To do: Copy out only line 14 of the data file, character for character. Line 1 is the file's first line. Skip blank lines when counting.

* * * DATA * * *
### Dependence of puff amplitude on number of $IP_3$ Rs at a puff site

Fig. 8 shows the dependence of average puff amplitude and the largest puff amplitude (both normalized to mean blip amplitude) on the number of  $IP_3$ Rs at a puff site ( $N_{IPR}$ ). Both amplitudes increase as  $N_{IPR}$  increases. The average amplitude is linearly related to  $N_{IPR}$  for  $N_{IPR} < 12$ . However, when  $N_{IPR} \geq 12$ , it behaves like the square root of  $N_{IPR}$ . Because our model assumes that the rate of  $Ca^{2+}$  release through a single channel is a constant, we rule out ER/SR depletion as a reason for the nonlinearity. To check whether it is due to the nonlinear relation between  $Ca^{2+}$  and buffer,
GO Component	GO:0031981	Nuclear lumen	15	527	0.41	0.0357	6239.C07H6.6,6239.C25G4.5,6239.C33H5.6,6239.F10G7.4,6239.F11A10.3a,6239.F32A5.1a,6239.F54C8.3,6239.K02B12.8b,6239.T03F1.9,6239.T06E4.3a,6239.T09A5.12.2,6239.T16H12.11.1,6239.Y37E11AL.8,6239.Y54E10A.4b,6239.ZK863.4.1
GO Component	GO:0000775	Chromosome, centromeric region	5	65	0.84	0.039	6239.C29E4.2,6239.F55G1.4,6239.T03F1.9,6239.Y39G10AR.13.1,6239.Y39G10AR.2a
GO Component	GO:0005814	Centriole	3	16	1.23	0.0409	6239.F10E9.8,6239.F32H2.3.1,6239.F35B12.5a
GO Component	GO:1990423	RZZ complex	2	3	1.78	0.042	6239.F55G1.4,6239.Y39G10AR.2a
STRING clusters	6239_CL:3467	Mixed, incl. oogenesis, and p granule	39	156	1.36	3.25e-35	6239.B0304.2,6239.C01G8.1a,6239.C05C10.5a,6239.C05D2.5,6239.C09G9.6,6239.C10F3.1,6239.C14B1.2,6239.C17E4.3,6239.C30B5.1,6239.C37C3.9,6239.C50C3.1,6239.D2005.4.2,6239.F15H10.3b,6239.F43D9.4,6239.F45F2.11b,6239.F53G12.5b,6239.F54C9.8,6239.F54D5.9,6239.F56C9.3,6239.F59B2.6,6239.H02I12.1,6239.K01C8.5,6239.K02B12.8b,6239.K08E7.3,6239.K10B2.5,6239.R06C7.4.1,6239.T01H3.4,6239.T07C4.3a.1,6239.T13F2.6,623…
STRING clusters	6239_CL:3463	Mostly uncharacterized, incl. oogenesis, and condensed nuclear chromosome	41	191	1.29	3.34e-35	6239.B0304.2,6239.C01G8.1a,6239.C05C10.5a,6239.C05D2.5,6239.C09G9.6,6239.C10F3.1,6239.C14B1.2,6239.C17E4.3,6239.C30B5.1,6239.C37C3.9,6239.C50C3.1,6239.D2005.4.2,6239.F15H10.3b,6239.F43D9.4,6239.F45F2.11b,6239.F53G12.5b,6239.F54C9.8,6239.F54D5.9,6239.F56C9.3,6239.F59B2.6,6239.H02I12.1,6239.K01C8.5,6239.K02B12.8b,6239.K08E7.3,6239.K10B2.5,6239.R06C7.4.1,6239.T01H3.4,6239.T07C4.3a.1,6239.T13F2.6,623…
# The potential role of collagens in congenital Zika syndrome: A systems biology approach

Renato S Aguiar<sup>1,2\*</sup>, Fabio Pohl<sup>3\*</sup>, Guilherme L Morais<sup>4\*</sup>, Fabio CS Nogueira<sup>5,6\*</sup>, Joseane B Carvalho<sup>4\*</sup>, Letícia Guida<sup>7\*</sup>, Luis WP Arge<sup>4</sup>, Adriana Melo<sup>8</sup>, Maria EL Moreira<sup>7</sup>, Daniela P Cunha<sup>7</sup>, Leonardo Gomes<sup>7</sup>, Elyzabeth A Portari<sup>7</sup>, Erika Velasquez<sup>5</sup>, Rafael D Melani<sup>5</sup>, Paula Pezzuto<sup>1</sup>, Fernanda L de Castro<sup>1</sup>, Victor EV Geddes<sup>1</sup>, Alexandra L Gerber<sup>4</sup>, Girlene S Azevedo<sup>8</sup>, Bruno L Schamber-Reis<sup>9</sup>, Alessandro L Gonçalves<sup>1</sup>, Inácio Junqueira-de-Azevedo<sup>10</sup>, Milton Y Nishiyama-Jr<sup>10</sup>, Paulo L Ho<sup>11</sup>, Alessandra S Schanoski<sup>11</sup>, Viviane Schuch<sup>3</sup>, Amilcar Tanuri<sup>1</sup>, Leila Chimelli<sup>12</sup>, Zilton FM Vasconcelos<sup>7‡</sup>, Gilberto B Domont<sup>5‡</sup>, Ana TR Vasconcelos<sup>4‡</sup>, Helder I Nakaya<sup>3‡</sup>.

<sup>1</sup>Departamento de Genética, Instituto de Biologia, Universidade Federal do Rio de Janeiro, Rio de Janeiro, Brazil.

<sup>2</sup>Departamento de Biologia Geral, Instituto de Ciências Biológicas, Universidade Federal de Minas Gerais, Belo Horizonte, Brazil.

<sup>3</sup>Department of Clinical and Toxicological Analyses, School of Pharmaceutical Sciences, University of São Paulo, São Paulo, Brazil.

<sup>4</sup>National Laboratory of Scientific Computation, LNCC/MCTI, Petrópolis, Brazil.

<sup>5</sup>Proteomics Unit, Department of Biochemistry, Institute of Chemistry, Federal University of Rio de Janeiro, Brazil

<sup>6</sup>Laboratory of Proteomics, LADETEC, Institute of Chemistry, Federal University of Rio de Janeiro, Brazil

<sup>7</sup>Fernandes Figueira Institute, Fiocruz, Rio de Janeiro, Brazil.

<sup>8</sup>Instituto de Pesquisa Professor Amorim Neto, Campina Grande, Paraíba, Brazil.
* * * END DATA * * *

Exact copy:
<sup>4</sup>National Laboratory of Scientific Computation, LNCC/MCTI, Petrópolis, Brazil.